This halibut crudo is a fusion dish I developed inspired by my love for Japanese sashimi. “Crudo” is the Italian word for “raw,” and refers to a dish of uncooked fish, shellfish, (or sometimes meat) that is seasoned and dressed with an oil, some type of citrus juice, or, at times, a vinaigrette. Despite what you may think, crudo is simply a blanket term for anything that’s raw and dressed. There is no required shape associated with a crudo dish and flavor-palette wise, skies the limit.
Carpaccio, Tartar, Ceviche & Sashimi
Carpaccio, another favorite of mine, is considered a type of crudo. With carpaccio, the fish, or more commonly meat, is left uncooked, sliced, or pounded very thin. Like a crudo, carpaccios are drizzled, typically with olive oil and lemon juice, and served with added garnish.
Another type of crudo is tartare, which is made of raw seafood or meat, chopped, and mixed with a sauce and seasonings. Like carpaccios, tartare is defined by a shape, which is most commonly minced or diced.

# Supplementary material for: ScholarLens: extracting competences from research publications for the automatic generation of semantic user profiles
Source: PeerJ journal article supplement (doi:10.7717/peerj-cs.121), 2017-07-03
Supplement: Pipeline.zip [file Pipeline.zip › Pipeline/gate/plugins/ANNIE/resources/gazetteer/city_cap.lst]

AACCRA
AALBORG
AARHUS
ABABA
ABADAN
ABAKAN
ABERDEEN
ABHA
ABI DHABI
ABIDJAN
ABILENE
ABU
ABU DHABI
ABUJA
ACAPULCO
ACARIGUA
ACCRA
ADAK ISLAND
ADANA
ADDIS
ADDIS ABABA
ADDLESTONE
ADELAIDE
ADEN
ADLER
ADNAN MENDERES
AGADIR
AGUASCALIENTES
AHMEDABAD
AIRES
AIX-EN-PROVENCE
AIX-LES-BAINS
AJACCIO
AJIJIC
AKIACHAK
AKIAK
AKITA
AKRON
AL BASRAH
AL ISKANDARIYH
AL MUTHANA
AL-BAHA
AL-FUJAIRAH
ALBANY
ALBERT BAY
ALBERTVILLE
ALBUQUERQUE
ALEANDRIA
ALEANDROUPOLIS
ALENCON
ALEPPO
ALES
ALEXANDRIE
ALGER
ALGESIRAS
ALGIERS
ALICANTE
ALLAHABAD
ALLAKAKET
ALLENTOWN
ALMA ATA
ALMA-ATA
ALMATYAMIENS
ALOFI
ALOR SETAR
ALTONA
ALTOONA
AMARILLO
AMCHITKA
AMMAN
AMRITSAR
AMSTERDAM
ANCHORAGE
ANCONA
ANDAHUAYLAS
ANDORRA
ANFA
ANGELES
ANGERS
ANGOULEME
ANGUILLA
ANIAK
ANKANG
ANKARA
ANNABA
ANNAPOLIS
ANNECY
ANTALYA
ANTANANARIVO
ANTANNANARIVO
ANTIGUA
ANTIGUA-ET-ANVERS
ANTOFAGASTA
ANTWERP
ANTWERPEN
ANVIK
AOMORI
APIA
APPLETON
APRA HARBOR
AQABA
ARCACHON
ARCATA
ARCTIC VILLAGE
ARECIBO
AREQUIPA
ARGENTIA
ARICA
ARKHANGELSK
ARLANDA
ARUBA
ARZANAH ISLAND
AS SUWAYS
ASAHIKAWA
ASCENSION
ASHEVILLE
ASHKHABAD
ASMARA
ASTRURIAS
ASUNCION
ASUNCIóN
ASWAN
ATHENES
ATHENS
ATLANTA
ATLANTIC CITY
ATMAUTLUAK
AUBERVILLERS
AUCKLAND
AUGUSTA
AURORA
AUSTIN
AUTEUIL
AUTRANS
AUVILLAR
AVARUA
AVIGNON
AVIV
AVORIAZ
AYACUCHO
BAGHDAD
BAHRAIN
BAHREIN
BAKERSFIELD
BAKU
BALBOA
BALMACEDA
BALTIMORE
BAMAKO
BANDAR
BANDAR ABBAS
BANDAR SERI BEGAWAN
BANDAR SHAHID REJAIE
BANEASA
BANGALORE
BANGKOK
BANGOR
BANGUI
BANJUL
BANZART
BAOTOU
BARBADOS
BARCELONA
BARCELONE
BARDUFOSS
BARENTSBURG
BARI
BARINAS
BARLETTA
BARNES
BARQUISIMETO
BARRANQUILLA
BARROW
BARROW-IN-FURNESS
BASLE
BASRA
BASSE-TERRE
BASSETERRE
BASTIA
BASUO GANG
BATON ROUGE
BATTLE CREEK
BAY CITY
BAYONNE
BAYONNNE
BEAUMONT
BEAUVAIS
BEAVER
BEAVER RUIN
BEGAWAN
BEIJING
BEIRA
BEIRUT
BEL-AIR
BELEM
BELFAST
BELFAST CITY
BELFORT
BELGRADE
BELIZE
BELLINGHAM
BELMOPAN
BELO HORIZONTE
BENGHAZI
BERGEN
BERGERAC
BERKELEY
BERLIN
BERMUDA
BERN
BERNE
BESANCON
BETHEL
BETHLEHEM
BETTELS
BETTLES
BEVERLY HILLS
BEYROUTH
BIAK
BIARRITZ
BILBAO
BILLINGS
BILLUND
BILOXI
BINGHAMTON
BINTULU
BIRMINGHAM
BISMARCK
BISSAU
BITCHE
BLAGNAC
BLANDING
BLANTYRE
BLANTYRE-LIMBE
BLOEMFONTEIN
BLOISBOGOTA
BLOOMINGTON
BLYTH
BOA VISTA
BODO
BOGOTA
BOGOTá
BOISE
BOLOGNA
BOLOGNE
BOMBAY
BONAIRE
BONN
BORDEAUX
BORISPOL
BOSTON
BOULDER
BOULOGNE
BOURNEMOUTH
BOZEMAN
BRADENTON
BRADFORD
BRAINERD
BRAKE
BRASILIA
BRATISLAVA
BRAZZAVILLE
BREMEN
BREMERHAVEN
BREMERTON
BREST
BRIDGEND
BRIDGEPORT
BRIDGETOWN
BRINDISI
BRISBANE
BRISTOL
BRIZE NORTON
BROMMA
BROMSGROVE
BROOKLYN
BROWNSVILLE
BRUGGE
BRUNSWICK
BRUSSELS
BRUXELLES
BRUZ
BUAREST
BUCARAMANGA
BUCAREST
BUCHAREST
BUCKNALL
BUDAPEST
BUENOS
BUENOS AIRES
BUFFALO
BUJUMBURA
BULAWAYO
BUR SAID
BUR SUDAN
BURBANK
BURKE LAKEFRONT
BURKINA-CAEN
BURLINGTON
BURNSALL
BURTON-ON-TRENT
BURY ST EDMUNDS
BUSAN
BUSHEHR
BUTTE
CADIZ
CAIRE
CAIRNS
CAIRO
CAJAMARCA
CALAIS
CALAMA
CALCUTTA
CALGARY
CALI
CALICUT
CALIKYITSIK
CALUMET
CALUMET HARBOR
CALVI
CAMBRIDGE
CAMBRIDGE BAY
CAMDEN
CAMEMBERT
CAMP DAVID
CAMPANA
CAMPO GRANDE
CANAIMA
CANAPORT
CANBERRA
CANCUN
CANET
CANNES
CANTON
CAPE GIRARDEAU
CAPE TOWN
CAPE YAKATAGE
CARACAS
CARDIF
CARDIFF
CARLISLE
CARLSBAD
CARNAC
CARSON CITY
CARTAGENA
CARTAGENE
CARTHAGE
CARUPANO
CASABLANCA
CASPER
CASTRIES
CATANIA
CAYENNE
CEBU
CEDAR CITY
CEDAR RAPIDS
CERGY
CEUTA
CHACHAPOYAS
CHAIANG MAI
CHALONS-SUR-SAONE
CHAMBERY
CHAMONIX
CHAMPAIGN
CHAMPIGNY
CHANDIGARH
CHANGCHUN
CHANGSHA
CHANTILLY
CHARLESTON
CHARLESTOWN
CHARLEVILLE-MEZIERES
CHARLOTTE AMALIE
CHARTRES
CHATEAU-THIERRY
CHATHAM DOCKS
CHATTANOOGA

I’m also a big fan of ceviche, which consists of raw seafood that’s “cooked” in a citrus juice marinade, which cures it. Ceviche recipes require substantially more acid compared to a crudo or tartare, as the fish needs to cure, which transforms the texture of the raw fish.
What does not fall into the crudo category is sashimi. Sashimi is made of meticulously sliced raw fish typically without a marinade, sauce, or even garnish. Enjoying sashimi is about appreciation for the superior quality of the fish and the technique of the chef preparing it. Celebrity chef, Nobu Matsuhisa, made famous a dish he calls “new style sashimi” that incorporates sushi-grade fish with a warm citrus sauce. That lovely dish inspired me to create this halibut crudo drizzled with ponzu, and olive oil .